“I was born a woman. I was brought to this world with no consciousness of how this term would have affected my behaviour as an individual in society. I was born a woman, and this word has built and solidified the bars of the cage of my existence. My womb confines my body to the eternal feminine. I was born as a female and not as a human being. From the very first moment of experiencing life, my ‘sex’ wrote the ‘terms and condition’ of my being, starting from the very first component that differentiates us amongst others: the name. Afra, the perfect name for a girl."
The two proposed terms are labeled as ‘femme-x’ and ‘femme-y’ to reference the scientific terminology of sex differentiation, acknowledging the female as XX chromosomes (homogametic sex) and respectively the male as XY chromosomes (heterogametic sex). By doing so, I attempt to contemplate through irony the conception of gender and its implications, that are embedded in a contemporary society. In the series of images I undertake the performative act to embrace a combination of both the ‘femme-x’ and the ‘femme-y’, resulting in the “femme-xy”.
The‘femme-x’goes together with my understanding of the stereotyped woman, seen for instance in the familiarised term of the ‘femme fatale’. By description as the attractive and manipulative woman that through the sexual attractiveness of the female body and seduction accomplishes the intentional discomfort of her victim: the man. On the other hand, I am to expose an opposing yet parallel phenomenon that could be named as the ‘femme-y’. This term is part of my understanding of the woman, in its biological definition. It is however the woman that appropriates and impersonates the stereotyped attributes of the male character. Courage, demanding personalities and physical strength can be outlined as some of her qualities, already seen in a popularised depiction known as the ‘female heroin’. The ‘femme-y’ attempts to re-construct the history of men, by incorporating and substituting the female in the roles that men played throughout history and resulting in the history of her. Herstory.
Therefore, the ‘femme-xy’, could be interpreted as the collision of the two phenomenas appealing to each-other and result in the bonding of gender stereotypes.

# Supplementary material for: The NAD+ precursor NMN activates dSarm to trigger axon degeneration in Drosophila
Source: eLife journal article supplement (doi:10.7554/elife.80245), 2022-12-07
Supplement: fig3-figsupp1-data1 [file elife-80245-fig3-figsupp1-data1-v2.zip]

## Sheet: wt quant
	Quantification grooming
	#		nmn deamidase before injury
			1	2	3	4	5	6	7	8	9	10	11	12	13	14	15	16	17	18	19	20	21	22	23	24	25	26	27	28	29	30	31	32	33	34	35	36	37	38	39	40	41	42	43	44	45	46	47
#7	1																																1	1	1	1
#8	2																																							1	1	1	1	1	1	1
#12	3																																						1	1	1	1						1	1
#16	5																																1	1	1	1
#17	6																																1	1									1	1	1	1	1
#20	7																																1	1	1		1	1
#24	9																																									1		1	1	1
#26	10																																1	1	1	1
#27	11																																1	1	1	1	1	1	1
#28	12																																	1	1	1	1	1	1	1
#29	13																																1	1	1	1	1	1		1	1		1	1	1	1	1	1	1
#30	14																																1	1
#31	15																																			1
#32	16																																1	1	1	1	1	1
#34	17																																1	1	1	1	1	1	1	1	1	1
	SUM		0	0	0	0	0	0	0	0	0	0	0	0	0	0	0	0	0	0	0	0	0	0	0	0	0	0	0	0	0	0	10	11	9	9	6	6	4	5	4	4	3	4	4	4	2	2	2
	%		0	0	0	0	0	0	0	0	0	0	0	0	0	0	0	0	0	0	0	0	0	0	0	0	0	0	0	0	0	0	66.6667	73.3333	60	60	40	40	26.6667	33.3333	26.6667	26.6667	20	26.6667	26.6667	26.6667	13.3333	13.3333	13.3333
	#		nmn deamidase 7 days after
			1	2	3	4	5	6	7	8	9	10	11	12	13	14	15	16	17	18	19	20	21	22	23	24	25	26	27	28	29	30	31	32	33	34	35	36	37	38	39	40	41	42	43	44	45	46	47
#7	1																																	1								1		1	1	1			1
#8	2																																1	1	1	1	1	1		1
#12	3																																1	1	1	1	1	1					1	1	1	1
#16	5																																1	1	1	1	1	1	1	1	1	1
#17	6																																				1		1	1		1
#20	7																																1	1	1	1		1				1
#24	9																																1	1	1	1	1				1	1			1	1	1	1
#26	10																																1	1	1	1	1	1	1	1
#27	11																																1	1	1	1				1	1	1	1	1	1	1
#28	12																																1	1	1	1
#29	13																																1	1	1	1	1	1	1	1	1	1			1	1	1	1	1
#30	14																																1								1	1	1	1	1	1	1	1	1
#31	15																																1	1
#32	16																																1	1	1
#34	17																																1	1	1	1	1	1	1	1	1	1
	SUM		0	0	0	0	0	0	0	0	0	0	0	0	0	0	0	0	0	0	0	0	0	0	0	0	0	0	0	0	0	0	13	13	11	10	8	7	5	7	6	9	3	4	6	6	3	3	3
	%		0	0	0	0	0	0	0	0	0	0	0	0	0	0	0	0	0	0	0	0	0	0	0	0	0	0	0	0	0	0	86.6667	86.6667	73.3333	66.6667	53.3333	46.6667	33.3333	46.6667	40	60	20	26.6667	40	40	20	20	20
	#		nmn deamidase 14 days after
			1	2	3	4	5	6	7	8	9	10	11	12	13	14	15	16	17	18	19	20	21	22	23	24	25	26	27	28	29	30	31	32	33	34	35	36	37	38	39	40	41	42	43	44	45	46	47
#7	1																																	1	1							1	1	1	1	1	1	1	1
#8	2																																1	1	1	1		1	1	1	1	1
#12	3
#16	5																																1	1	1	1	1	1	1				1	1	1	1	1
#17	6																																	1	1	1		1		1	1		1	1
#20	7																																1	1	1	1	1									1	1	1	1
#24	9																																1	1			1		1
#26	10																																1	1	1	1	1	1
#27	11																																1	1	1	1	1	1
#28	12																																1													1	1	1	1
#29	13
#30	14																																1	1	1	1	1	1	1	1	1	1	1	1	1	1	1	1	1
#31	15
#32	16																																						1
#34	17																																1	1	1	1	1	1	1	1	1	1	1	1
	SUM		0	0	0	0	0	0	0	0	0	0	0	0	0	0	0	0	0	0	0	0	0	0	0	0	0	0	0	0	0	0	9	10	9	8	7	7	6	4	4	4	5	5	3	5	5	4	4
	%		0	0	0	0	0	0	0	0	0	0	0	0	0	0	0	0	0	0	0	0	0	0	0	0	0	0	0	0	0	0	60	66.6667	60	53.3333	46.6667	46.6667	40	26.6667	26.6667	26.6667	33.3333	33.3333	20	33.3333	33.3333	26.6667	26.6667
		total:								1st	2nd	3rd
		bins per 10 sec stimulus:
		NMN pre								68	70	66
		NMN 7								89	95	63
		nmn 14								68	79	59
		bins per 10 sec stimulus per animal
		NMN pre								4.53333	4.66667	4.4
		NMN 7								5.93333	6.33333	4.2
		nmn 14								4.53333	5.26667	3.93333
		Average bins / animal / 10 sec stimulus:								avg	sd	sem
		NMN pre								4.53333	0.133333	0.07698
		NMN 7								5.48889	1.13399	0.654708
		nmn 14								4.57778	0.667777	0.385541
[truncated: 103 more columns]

In the series of images, I intentionally undertook the performative act in the pursuit to create a juxtaposition of the childhood costume and the stripper’s uniform, while playing the daily roles of the police officer, the fire brigade and the army. The characters chosen address both their authoritative role in society, yet the same is applied within my understanding of the sexual attraction on the behalf of women towards these masculine figures. The desirable becomes absurd as the figures appear with heavy make up and toy guns, in the attempt to defamiliarise the audience through dark humour. Fascination mutates in a sense of repellence as the series breaks through the boundaries of gender categorisation and sexuality.
“Forbidden” is without any doubts a project that began as an exploration but that surely has developed into something which is remarkable to my artistic pathway. Exhibited as a series of three digital collages (A3 sized) alongside with a video installation, I have attempted a conceptual response to the question of censorship. As a starting point, I have been focusing most particularly on the impacts of visual imagery and its symbolic representation within given cultural contexts and how such representation could affect our understanding.
I undertook an analysis towards the middle eastern rudimental and primitive censorship methods in aspects of a daily life visual communication (cereal boxes, magazines, advertisement posters, etc..) and its further censorship carried out through the use of a black marker.
The collages somehow create, through the juxtaposition of two different realities, a third one that strives to unveil the unconscious desires. I purposely decided to explore visually the voyeuristic depiction of women in their domestic environment in the first piece. While the second has a sense of oppression due to stereotyped depictions of females in society and the third refers to an idealised vision of female fertility. Moreover, the compositions are created to be deconstructed through the black marker censorship that in the long run almost adorns the bodies of the female figures and hints to the idea that all the covered material is unsuitable, yet does not omit its existence and can be easily read between the “lines”.The images appropriated, however belong to the history of nude photography and this somehow condemns their immaculate beauty in comparison to the commercial-like images applied through digital manipulation that represents a modern artistic approach.
Contrastingly, the moving image piece puts in evidence the methodology of censorship itself as in this performance I become the immigration police and I am in charge of marking over the “inadequate” images. The movements are fast forwarded hinting to the idea of frustration and an intentionally built anxiety; as it continues it seems that the censorship becomes almost an automatic behaviour. The flow of video is interrupted by flashing images of extreme female nudity. This can be reasoned in my attempt to claim the failure of censorship in eliminating the so called “inappropriate” from its tied reality but rather in putting it in an even more outstanding evidence.